The industry wants more innovation when it comes to ads on streamers

Media experts discuss whether Netflix ad units will be a carbon-copy of linear TV or if it will colour outside the lines to recreate the commercial break.

By Brennan Doherty

With Netflix’s recent announcement that it will take the plunge into ad-supported revenue, brands and advertisers are relishing the possibility of reaching consumers on the largest streaming service in the world. However, media experts say prospective Netflix advertisers should take this opportunity to think way, way outside the VOD box.

“It’s an incredible opportunity for advertisers – and it’s an incredible opportunity for innovation in advertising,” says Devon MacDonald, president of independent media agency Cairns Oneil. “I hope that we just do not create 15 and 30-second spots to work as pre-roll in front of an incredibly interactive and engaging platform.”

In a widely covered Q1 earnings call in April, co-chief executive Reed Hastings backtracked on past promises to keep advertising off the platform. Although, it didn’t provide many details on how advertisers will be able to reach their audience of roughly 213 million subscribers worldwide when/if they launch ad tiers.

“Given Netflix’s scale, any change they make will have an impact on the overall industry,” wrote Jenny Croswell, EVP and head of investment and agency operations at Horizon Media, in an email, “however it’s difficult to say exactly what this will mean given the pace of change. The market will likely look very different two years from now.”

The obvious expectation is that Netflix will likely allow for YouTube-style pre- and mid-roll ad spots.

“They need to make something that’s scalable, accessible and flexible,” says Kevin Keane, founder and CEO of Brainsights. “Or, at least, that’s something the advertising community would demand.” Mathew Bailey, VP of media investment and activation at Horizon Media, concurs. “From a creative standpoint, advertisers will likely rely on :15 or :30 creative initially,” he wrote in an email. “This will keep creative development costs down by not having to create unique creative strictly for OTT.”

But there are so many other possibilities to consider. Branded entertainment, in particular, is where Keane really sees Netflix shining.

“Netflix doesn’t have to just provide this programmatically bought and sold and delivered ad experience that doesn’t add anything to the experience of viewers,” he says. “They could introduce a completely different way to effectively monetize, distribute, and create brand entertainment in a way that enhances the overall viewing experience for consumers – and sells a lot more product for the brands that want to play that game.”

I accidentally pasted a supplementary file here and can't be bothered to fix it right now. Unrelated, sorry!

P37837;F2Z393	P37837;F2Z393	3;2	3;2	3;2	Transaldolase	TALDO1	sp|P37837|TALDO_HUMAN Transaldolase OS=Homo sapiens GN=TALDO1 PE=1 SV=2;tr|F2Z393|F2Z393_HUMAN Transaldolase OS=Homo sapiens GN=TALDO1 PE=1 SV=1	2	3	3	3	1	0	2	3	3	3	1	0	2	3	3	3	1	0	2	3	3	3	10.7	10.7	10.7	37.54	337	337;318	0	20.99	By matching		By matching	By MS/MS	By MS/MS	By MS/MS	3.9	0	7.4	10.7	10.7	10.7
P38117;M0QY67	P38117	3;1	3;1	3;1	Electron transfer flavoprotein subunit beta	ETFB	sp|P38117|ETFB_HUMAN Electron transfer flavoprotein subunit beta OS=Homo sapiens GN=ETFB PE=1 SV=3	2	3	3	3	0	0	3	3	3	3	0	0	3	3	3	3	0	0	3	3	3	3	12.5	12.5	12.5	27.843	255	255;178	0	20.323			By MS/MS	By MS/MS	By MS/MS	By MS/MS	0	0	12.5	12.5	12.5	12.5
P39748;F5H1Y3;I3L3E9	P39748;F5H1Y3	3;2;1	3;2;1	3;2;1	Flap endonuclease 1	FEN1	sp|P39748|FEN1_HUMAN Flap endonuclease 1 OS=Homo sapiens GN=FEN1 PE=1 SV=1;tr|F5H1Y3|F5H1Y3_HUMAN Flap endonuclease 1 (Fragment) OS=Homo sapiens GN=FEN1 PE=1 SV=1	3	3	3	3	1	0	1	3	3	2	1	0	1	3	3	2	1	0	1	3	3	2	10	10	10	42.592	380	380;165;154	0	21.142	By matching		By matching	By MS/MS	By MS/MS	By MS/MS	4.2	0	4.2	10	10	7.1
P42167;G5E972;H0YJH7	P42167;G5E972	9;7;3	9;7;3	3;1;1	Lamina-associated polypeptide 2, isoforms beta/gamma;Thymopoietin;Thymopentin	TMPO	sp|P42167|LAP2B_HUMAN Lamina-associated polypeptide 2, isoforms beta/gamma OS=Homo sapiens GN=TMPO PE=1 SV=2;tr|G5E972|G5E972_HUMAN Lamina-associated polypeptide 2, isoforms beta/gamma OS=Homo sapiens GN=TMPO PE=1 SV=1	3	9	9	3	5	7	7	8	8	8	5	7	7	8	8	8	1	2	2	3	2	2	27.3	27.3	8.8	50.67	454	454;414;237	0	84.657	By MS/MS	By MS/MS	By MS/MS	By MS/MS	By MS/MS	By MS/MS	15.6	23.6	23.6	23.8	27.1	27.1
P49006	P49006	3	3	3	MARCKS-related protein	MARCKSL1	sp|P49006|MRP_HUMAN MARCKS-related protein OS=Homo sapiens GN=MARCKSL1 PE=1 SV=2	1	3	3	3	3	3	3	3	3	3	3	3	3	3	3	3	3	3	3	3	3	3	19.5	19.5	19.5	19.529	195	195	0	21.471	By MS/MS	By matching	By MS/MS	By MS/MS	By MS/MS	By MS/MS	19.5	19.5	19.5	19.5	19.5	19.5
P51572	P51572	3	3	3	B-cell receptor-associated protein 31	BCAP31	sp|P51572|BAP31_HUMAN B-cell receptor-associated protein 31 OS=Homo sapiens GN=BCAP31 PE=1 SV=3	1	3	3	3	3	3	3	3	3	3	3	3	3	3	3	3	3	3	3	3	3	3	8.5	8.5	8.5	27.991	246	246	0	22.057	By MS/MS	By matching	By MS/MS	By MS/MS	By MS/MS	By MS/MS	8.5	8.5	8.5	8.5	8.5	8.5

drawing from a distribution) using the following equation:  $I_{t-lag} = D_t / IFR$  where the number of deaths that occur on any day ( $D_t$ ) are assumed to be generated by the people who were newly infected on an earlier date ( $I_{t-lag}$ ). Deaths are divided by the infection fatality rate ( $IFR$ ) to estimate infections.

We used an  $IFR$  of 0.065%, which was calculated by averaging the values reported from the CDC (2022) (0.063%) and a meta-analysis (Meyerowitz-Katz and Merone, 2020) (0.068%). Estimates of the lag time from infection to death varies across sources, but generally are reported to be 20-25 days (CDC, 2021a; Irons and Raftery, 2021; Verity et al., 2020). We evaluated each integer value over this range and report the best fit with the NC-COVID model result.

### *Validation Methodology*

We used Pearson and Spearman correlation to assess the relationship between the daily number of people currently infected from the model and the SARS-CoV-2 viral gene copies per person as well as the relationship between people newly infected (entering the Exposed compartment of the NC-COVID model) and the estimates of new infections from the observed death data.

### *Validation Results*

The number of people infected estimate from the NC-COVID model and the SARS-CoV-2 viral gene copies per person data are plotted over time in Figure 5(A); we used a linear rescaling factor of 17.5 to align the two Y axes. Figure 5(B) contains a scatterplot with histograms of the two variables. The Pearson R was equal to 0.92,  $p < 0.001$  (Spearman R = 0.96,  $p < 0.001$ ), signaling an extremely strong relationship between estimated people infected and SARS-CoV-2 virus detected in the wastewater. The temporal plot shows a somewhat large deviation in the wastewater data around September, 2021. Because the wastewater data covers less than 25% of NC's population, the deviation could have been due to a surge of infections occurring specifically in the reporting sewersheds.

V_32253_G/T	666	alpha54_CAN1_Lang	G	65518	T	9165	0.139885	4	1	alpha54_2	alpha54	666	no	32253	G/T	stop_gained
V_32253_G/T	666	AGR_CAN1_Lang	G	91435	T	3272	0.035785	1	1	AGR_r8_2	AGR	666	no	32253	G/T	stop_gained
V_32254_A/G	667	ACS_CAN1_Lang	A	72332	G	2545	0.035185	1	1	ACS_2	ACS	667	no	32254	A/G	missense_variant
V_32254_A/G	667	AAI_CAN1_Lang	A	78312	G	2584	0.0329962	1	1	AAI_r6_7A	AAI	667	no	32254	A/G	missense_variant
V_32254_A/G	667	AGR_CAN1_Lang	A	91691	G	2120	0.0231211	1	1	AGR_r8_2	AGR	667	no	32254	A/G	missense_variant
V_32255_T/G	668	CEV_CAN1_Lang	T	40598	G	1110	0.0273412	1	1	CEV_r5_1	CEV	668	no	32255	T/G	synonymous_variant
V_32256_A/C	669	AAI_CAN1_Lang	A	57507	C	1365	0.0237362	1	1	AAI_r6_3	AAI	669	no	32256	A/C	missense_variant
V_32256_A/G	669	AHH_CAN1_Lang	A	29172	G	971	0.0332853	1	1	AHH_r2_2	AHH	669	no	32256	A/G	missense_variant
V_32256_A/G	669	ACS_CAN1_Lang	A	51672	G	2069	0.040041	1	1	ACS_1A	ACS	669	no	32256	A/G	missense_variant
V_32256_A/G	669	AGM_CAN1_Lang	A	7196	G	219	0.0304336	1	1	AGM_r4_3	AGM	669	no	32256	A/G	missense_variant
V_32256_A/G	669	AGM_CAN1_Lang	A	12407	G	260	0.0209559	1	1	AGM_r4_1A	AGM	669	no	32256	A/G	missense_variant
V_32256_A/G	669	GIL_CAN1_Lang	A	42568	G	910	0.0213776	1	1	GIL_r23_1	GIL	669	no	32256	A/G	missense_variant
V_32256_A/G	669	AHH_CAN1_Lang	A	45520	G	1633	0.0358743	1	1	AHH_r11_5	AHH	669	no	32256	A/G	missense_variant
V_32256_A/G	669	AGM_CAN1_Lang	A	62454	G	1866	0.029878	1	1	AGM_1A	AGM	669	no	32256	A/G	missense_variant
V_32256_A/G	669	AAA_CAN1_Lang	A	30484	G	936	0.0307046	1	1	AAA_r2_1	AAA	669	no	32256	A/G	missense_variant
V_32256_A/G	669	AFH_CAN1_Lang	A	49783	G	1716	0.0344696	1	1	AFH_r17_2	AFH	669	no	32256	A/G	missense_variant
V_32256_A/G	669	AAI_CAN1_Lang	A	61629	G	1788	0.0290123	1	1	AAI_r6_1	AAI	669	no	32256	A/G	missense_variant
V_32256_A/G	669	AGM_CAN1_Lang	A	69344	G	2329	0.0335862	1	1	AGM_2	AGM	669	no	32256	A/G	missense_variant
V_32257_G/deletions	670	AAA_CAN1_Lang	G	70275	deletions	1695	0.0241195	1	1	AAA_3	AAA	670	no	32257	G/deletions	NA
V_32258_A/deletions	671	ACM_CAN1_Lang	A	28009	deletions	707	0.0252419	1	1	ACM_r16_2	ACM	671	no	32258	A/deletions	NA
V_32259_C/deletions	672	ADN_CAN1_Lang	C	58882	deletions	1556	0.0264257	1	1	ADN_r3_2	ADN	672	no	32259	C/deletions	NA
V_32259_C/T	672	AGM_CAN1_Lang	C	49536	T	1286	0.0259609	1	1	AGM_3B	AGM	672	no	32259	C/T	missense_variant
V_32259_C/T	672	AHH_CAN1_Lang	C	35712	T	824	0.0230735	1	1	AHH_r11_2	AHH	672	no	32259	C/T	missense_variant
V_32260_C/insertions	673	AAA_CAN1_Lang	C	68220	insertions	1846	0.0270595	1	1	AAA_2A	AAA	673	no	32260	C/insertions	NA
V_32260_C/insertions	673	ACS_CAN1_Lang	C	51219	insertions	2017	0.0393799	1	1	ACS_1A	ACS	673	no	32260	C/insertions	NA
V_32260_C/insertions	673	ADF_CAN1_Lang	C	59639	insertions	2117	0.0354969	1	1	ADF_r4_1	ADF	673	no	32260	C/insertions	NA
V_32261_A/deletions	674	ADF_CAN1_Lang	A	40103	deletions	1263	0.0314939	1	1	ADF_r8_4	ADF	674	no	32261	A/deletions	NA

Keane believes Netflix could better shape branded entertainment as an advertising category, with companies getting involved (to a limited extent) with Netflix productions to craft their messages alongside entertainment talent, who are “trustworthy, credible, authoritative, and bring a level of… accessibility to products in a way that the brand’s message doesn’t,” he explains.

If advertisers marry the possibilities of standalone branded entertainment and the hyper-targeting that’s possible with Netflix’s immense user dataset, the results could look something like Reese’s Pieces 2019 ASMR movie on Crave. “These types of storytelling formats that allow you to get a little more niche, and that allow you to show the ways that your product intersects with culture – they can win over significant brand advocates,” Kearse says.

Scott Stewart, general manager at Glassroom, believes Netflix’s obsessive tracking of user habits could be a goldmine for brands and advertisers looking to create unique ads for the platform. “The more content you watch on Netflix, the more precise their algorithm gets,” he says. “I would be very excited to figure out how that can be applied to advertising to consumers in a way that is as least disruptive as possible.”

Of course, Netflix will need to walk a very thin line between giving future advertisers exposure and keeping its existing consumer base (many of whom joined because of its “no ads” promise) from abandoning the platform. Several experts floated Spotify’s ad-supported free accounts as a possible starting model. “They need to have very low ad levels to start,” MacDonald says, “and they need to start with subtle entries like sponsored content and branded home pages or sponsored sections.”

MacDonald illustrated a couple examples. Think “Drive to Survive Season 5, brought to you by Mercedes.” Or, perhaps, ad callouts bought and sold programmatically, similar to what Samsung currently offers on its connected TV platform. Or, as was already done with Netflix’s Stranger Things, the product placement involved in Mike Wheeler’s undying love of Coca Cola.

Putting aside innovative ad formats for a moment – the sheer reach of Netflix is enough to pique the interest of brands and advertisers, especially as the COVID-19 pandemic accelerated digital usage. “Streaming is outpacing mainstream media now,” Stewart explains. With tens of millions of users in Canada alone, Netflix not only offers an incredible opportunity for brands and advertisers to stretch their creative muscles – it would give them unprecedented access to the streaming market at a critical time.

“Based on its legacy, its scale and representation of probably the largest share of digital streaming in the connected TV space,” Stewart says. “There’s nothing but upside.”